Thanks Barry, but what would be an instance where the rules stating that the margin of the GUR does not extend vertically upwards be applied?

Keith Favell said...

Thanks Barry, but what would be an instance where the rules stating that the margin of the GUR does not extend vertically upwards be applied?

Barry Rhodes said...

Keith,

It is because the margin of GUR does not extend upwards that the player may take relief, without penalty, when their ball lies in a position outside of GUR where there is interference from a growing thing rooted within the margin of GUR.

Regards,

Barry

Obione said...

Barry,

Is there a rule or decision that prohibits players to enter an area that is defined as GUR? Second question, is there a limit on the amount of time an area can be defined as GUR? I ask this because we have an issue on our course with an environmental area. This area was not defined by an official department so marking it as an ESA would be a breach of the rules. Now we are trying to find a way , within the rules, to make it clear to players that they can't play or even enter this area. Do you have a suggestion?

regards, Jo

Barry Rhodes said...

Obione,

There is no Rule of Golf that prohibits a player from entering GUR (an abnormal ground condition), but it is possible that a Committee may have established a Local Rule with such a restriction. This is quite common to protect ESAs (environmentally sensitive areas).

Barry

Barry Rhodes said...

Keith,

I believe that you posted a follow-up question asking for an instance of a Rule stating that the margin of the GUR does not extend vertically downwards, but I seem to have deleted it in error.

Decision 25/10.7 gives an illustration;

Q. A player's ball comes to rest against a tree root. The tree is within ground under repair, but the ball is against a part of the root outside the ground under repair. Is the player entitled to relief without penalty under Rule 25-1?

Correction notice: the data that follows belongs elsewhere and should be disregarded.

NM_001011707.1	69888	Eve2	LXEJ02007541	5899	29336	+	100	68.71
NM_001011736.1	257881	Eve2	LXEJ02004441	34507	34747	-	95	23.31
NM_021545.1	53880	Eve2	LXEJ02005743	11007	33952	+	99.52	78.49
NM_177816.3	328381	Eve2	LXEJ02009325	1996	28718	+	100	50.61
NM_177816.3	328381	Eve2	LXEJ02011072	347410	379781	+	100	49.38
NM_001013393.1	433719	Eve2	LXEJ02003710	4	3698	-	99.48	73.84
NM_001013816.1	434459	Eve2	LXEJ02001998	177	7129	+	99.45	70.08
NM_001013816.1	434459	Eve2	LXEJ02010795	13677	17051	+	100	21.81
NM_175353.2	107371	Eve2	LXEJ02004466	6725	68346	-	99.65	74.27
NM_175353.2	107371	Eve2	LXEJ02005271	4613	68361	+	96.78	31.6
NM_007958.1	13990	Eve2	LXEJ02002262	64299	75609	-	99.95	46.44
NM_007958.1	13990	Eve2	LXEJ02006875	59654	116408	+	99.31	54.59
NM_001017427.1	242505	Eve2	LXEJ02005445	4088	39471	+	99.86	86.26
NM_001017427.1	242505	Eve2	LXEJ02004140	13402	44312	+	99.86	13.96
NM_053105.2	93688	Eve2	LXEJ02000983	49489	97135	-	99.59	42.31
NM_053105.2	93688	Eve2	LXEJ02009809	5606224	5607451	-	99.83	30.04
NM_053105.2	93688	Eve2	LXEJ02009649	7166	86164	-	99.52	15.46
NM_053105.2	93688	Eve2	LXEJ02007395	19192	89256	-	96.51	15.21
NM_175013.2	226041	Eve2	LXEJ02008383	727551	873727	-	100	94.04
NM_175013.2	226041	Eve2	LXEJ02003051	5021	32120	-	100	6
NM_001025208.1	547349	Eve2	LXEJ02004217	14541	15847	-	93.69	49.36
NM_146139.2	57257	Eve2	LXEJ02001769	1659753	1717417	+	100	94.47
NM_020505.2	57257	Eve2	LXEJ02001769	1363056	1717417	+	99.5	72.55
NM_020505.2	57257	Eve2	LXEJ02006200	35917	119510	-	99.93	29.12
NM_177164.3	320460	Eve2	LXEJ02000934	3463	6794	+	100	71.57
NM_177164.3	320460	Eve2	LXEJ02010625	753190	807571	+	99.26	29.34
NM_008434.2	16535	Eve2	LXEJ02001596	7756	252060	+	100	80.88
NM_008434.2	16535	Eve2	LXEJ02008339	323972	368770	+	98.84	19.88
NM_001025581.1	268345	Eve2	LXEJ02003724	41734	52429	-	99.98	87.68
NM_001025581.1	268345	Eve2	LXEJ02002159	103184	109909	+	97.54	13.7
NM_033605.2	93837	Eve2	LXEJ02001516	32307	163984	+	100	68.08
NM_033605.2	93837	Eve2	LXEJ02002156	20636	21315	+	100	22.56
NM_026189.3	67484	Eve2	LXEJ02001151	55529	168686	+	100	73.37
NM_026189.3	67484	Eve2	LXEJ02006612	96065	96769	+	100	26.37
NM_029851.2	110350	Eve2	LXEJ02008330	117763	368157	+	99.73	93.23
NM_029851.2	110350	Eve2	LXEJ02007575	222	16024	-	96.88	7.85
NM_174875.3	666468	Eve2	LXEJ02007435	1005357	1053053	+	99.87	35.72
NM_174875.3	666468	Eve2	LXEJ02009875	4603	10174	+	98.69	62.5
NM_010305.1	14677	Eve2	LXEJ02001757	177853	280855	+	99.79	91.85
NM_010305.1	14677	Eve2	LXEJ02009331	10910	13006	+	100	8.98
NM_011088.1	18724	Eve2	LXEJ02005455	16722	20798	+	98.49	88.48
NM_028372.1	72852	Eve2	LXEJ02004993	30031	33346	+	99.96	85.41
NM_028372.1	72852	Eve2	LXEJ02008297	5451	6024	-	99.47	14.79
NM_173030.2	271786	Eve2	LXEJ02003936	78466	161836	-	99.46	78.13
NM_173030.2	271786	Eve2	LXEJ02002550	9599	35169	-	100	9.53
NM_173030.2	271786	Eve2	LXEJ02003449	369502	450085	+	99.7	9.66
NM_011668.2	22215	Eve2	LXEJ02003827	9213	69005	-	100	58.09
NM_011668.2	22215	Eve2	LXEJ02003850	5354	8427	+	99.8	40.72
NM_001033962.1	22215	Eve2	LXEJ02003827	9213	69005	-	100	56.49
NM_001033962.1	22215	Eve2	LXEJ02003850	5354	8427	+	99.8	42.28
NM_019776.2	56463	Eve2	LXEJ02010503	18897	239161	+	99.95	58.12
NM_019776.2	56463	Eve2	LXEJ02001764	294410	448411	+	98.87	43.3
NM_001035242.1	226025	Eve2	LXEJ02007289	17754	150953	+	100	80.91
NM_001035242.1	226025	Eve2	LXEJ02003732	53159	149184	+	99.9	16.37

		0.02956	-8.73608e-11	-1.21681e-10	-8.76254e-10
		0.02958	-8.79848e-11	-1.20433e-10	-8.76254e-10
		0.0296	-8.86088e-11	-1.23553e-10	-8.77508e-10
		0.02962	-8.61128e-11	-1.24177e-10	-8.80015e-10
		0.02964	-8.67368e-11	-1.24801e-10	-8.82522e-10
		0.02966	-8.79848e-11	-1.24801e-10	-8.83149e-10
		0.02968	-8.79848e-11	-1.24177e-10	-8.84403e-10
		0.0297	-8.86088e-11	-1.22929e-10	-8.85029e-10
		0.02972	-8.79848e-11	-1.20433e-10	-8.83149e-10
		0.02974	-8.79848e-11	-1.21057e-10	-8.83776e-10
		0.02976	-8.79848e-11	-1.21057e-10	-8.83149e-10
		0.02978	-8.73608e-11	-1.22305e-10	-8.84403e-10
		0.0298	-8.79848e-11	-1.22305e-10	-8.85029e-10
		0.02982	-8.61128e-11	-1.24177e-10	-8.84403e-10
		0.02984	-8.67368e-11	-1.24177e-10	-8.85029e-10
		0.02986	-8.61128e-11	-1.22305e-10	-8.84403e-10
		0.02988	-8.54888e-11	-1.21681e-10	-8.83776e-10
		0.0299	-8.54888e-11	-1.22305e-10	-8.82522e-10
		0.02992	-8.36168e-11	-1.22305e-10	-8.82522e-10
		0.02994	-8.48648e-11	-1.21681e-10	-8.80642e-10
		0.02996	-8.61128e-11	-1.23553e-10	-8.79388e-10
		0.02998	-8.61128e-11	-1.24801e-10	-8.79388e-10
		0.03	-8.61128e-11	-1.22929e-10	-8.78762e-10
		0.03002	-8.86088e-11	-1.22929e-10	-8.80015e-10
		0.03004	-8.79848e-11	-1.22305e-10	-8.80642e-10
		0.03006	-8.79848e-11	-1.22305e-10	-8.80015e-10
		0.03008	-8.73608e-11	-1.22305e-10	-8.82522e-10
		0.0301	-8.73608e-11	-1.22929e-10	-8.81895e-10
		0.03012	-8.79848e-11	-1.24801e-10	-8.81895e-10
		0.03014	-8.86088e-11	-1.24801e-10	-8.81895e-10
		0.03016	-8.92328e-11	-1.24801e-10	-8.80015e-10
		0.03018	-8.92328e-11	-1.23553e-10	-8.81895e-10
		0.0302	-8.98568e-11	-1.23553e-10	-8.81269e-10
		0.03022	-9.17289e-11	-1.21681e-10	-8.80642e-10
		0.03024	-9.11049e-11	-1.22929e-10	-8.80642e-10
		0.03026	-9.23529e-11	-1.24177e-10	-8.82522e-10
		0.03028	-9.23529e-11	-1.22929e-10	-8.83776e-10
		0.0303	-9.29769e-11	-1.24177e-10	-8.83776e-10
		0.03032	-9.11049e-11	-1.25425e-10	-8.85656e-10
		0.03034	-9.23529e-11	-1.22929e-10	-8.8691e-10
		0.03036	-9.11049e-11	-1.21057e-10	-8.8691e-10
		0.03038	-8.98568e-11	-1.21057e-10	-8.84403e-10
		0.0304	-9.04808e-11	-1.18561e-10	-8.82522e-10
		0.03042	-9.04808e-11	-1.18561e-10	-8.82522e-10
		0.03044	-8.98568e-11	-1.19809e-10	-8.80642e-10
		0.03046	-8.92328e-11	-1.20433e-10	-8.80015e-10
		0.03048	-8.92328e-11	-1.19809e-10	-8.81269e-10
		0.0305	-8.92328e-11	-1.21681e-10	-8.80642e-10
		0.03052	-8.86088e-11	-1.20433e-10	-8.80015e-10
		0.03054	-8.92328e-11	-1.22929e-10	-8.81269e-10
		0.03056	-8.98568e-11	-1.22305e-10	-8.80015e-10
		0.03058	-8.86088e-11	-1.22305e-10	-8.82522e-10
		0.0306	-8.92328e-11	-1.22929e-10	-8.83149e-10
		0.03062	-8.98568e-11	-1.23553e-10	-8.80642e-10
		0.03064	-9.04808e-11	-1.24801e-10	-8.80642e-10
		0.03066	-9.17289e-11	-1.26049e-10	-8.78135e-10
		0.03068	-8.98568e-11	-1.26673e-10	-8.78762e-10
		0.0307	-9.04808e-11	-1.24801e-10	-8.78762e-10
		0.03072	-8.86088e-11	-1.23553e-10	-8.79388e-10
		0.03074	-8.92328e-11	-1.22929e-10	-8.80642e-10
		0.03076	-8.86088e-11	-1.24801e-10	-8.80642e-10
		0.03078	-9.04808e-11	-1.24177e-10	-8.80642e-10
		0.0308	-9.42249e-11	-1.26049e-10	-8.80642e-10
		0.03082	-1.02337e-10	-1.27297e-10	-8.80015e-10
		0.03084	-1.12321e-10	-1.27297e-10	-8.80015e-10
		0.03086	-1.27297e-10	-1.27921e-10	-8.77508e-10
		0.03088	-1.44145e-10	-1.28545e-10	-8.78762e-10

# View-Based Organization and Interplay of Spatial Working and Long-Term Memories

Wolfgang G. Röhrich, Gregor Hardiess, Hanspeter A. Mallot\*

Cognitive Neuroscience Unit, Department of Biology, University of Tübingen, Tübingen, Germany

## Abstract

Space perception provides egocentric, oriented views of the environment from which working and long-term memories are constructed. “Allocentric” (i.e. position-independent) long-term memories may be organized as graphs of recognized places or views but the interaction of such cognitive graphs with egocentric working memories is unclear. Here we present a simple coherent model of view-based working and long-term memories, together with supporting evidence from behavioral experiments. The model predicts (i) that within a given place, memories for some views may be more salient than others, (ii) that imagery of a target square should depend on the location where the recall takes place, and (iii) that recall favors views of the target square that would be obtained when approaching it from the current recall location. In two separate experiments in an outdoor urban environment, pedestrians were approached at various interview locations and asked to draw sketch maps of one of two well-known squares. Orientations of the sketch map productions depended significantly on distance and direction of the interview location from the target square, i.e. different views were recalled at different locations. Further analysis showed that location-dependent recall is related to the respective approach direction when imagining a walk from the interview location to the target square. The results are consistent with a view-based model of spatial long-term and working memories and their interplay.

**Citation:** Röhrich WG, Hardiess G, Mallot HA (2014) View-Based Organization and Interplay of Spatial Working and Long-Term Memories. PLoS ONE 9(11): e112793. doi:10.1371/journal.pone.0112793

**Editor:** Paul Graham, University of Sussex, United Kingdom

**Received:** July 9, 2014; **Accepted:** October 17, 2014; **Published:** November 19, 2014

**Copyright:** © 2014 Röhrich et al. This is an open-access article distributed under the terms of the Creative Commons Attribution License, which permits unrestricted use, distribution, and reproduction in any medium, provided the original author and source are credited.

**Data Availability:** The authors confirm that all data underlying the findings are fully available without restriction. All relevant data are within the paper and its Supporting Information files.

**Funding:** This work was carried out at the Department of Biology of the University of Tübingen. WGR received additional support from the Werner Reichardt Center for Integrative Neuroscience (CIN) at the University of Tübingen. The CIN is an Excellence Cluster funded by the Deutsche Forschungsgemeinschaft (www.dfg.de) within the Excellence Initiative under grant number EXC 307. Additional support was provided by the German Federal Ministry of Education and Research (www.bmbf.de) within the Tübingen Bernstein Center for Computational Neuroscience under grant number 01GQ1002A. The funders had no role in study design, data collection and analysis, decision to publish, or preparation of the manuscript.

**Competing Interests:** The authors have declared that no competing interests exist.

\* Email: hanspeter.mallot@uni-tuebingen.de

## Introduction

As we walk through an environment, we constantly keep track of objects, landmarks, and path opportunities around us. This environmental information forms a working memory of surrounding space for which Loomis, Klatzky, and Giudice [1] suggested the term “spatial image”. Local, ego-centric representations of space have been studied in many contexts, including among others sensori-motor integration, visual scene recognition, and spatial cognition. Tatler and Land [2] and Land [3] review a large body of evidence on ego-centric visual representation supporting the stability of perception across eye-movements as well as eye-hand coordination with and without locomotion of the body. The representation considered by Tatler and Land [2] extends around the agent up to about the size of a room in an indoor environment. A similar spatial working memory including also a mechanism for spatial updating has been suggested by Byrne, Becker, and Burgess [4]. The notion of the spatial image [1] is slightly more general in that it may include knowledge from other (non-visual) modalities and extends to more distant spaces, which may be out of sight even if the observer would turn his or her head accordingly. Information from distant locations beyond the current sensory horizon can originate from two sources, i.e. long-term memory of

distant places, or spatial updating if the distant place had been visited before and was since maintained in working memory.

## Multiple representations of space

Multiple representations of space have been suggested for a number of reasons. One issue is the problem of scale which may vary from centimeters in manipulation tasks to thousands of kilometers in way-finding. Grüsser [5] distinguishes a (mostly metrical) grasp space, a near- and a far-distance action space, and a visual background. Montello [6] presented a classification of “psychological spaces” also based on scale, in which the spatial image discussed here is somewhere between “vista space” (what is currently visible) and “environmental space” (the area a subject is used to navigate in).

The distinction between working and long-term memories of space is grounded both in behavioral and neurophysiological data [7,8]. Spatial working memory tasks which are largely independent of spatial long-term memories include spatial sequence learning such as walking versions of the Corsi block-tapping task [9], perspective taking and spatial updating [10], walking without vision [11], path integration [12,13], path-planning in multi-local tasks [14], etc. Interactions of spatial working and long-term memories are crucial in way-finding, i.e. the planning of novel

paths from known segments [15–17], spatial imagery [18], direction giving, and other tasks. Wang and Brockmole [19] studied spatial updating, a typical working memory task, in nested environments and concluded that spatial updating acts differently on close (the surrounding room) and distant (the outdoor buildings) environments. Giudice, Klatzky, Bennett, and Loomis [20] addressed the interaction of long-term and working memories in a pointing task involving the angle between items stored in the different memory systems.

A. No. The margin of ground under repair extends vertically downwards, so part of a growing thing within ground under repair that extends beyond the area at or below ground level is not ground under repair.


Barry

Craig Fordham said...

Hi Barry,

Does rule 25-1 cover the following scenario:

A ball comes to rest 10ft from the hole on the putting green. In the line of the golfer's putt is a two foot wide wet, muddy patch that has been caused by water damage.

Is the golfer entitled to lift and place the ball without penalty at the nearest point of relief (i.e. right or left of the muddy patch), but not nearer the hole and not in a hazard?

Thanks for your help,

Craig

Barry Rhodes said...

Craig,

There is no relief from this muddy patch on the putting green, unless it has been defined as ground under repair by the Committee. In the circumstances you describe it seems that the Committee would be justified in declaring the area ground under repair immediately, though it is preferable that all areas which warrant marking as ground under repair should be so marked before the start of a competition (Decision 33-2a/2).